Source: US State of Connecticut
Last year, in pre-pandemic times, the Welsh family sat down together at a special dean’s luncheon for legacy families at the UConn School of Law.
“Being there together helped us think about how important the law school was to all of us,” said Walter C. Welsh ’72 JD, who was the first in his family to go to law school.
After all, seven family members had gone to the law school and launched successful careers in widely divergent fields of law.
Soon after the luncheon, family members got together and decided to express their appreciation. They gave a joint gift that would pay for installing state-of-the-art technology in two new classrooms in the Thomas J. Meskill Law Library.
The generous donation allowed the school to equip the classrooms with interactive touch screens, videoconferencing equipment, cameras that track the speaker, and other equipment to greatly improve distance learning and small group collaborations.
“The state-of-the-art technology included in the newly designed classrooms will allow for more seamless, collaborative, and interactive learning between students, faculty, and guest lecturers,” School of Law Dean Eboni Nelson said. “We are incredibly thankful for the Welsh family’s generous gift that has allowed us to enhance the educational experience for faculty and students, particularly those engaged in distance education.”
Walter, who has built a career in tax and insurance law, has been an adjunct professor at the law school for many years. More recently, he has taught in the Master’s in Insurance Law program, which relies on the existing classrooms in the school that provide for distance-learning students. With new classrooms and new technology, the law school will be able to provide a greater number of students with an improved in-class experience and an almost “in classroom” experience for distance learners.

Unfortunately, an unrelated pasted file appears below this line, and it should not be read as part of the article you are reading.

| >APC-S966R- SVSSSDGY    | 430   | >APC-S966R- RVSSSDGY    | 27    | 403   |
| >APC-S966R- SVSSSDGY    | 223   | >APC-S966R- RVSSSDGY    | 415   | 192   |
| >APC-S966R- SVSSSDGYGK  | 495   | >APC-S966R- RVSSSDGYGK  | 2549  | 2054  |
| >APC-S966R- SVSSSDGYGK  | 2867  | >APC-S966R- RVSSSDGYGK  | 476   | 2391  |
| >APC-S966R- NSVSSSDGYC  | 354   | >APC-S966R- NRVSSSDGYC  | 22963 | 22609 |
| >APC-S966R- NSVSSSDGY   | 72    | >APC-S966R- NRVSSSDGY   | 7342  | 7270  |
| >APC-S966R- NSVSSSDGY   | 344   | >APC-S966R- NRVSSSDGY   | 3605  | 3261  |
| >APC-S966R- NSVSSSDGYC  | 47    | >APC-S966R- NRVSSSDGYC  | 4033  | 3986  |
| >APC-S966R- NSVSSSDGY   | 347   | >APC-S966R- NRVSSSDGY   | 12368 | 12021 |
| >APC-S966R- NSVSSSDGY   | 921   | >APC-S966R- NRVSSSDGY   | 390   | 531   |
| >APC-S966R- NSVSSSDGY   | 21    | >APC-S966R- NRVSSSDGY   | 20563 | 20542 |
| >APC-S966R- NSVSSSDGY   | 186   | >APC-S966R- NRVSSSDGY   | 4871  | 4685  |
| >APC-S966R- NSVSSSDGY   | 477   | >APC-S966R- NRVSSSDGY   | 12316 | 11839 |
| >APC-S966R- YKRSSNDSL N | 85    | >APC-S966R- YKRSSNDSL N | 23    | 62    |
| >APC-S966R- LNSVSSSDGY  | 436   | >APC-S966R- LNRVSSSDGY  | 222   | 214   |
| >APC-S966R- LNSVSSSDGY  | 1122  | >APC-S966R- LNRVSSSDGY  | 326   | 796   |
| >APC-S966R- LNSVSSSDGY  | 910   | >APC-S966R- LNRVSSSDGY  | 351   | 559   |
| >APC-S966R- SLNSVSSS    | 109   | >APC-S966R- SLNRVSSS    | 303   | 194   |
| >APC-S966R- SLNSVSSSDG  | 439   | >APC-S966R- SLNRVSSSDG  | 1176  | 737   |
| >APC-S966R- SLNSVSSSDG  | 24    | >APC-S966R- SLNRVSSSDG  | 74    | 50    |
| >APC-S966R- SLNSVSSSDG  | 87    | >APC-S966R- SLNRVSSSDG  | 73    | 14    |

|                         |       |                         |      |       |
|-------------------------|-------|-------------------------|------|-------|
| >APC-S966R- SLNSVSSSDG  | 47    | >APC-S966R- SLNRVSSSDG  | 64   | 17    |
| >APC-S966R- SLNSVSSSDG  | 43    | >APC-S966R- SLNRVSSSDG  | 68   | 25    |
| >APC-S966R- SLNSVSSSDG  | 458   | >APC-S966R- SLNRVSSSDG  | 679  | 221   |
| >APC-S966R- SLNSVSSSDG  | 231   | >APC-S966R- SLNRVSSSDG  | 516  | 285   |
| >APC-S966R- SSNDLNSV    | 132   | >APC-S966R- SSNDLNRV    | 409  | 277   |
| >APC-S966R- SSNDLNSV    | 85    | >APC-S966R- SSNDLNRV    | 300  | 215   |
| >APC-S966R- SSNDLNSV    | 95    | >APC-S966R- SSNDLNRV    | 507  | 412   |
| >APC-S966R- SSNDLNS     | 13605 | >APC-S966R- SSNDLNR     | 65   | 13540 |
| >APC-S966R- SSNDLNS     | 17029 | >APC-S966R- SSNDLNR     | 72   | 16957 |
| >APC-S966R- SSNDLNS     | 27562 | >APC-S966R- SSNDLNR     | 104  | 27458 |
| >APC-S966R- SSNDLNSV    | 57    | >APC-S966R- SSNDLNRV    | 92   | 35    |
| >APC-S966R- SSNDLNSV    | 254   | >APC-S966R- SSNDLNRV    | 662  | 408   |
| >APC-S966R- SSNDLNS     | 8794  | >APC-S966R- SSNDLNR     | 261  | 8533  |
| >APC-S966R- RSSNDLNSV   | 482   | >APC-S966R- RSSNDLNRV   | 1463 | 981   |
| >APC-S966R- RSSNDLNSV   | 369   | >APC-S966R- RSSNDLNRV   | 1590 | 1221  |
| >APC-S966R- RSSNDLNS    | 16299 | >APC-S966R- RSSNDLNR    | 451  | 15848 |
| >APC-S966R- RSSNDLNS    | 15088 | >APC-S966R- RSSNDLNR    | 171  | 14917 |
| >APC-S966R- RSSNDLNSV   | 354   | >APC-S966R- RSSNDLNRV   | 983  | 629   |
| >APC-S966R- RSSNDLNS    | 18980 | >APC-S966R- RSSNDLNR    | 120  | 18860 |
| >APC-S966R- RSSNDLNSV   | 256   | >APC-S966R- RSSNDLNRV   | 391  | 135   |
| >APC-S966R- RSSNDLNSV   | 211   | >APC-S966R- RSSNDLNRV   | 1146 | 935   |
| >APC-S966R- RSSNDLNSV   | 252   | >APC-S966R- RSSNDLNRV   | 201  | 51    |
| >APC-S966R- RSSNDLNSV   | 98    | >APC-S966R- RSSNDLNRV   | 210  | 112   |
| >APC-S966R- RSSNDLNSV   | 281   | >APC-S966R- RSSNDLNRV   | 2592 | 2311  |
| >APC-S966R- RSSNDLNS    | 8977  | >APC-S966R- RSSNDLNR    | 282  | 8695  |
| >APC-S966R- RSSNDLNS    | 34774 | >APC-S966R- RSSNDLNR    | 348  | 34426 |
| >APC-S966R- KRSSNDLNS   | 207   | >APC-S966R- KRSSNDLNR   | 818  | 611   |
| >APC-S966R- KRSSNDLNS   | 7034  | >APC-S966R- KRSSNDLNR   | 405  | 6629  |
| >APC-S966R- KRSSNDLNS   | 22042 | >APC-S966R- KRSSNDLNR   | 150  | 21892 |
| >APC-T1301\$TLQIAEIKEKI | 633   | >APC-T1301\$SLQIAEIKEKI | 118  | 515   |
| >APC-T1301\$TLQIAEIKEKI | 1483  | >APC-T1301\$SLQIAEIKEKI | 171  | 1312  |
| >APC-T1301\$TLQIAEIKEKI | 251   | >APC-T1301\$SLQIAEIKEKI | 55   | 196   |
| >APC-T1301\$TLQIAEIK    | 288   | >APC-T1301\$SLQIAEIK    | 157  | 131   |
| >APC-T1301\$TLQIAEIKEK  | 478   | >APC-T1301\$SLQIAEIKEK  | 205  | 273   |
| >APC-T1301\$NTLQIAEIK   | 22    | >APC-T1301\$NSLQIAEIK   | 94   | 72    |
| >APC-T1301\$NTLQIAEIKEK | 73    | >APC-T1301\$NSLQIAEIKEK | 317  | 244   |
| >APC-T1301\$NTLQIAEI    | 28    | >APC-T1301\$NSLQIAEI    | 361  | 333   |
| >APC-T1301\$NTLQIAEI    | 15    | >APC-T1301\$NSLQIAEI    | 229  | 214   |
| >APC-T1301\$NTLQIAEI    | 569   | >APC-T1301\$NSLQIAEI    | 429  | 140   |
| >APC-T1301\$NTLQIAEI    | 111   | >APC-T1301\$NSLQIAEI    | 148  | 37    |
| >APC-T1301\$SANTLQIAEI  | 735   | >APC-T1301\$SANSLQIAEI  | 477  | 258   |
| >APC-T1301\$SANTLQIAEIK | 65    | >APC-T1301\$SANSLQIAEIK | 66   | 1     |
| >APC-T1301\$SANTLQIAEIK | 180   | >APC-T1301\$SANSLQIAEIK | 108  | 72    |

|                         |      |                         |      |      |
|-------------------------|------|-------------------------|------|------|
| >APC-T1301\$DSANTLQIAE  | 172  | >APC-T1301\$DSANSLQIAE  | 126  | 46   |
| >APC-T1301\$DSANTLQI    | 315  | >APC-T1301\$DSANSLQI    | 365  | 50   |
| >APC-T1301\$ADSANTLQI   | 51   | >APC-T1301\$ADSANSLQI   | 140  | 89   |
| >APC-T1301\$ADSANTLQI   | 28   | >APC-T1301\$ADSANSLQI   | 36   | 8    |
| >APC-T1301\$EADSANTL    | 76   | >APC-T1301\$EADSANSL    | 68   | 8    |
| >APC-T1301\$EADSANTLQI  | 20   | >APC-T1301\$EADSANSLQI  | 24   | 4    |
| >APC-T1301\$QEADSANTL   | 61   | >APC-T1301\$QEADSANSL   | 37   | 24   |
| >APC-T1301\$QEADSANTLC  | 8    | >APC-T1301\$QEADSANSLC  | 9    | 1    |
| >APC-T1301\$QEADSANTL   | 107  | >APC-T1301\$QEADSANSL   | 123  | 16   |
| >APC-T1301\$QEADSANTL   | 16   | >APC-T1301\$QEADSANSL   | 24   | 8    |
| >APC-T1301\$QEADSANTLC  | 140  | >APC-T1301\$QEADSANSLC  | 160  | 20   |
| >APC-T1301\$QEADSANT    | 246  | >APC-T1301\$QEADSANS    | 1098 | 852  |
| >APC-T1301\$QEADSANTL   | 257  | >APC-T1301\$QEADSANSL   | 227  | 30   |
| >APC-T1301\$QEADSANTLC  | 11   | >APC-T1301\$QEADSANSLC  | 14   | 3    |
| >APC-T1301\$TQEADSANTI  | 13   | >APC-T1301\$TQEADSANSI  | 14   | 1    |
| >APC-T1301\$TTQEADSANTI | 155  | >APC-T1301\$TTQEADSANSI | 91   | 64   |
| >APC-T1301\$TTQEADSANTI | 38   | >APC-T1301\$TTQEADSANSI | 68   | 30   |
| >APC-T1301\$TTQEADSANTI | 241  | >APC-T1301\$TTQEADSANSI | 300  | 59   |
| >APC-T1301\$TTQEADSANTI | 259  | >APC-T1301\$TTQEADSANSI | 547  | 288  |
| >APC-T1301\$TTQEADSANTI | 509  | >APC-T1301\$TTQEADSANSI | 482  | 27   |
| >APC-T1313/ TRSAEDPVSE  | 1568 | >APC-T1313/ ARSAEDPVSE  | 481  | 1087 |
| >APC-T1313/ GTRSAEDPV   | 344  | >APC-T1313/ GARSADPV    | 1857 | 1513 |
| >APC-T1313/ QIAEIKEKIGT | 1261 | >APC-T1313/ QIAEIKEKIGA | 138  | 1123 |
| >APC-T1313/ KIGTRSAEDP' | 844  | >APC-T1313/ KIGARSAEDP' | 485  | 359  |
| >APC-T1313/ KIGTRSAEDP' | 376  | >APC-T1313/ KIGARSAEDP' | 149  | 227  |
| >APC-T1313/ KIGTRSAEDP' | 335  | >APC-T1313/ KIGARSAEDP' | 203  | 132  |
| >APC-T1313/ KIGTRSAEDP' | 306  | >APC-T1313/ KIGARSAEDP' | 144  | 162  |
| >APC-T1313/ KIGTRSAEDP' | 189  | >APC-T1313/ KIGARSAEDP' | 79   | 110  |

The Welsh family understands that public universities like UConn increasingly rely on donations from alumni as state funding continues to dwindle. Currently, the state funding now covers only 25.7 percent of UConn’s budget. The rest comes from tuition and fees, room and board, research grants, and donations.
“Even though it’s a public institution, the school needs help from alumni in the same way that a private institution does,” Walter said.
The UConn School of Law is an important part of the Welsh family, one of UConn’s biggest legacy families. Walter’s two brothers, Charles “Chuck” R. Welsh ’88 JD and James “Jim” P. Welsh ’84 JD, attended, as did Jim’s daughter, Katherine Laliberte, who attended for two years, then graduated from a law school in Canada.
In addition, Walter’s sons, Kevin W. Welsh ’05 JD and Walter B. Welsh ’06 JD, are proud graduates, as is the younger Walter’s wife, Aidan R. Welsh ’06 JD.
If that weren’t enough, Walter Sr.’s wife, Elizabeth W. Welsh ’70, and his brother Chuck’s wife, Cynthia Gregory-Welsh ’95, were UConn undergraduates. That’s a total of nine huskies!
While they have pursued a variety of law careers, they all feel grateful for the strong foundation the law school gave them.
“The law school did so much for us,” Walter said. “Being able to give a little back gives us a good feeling.”
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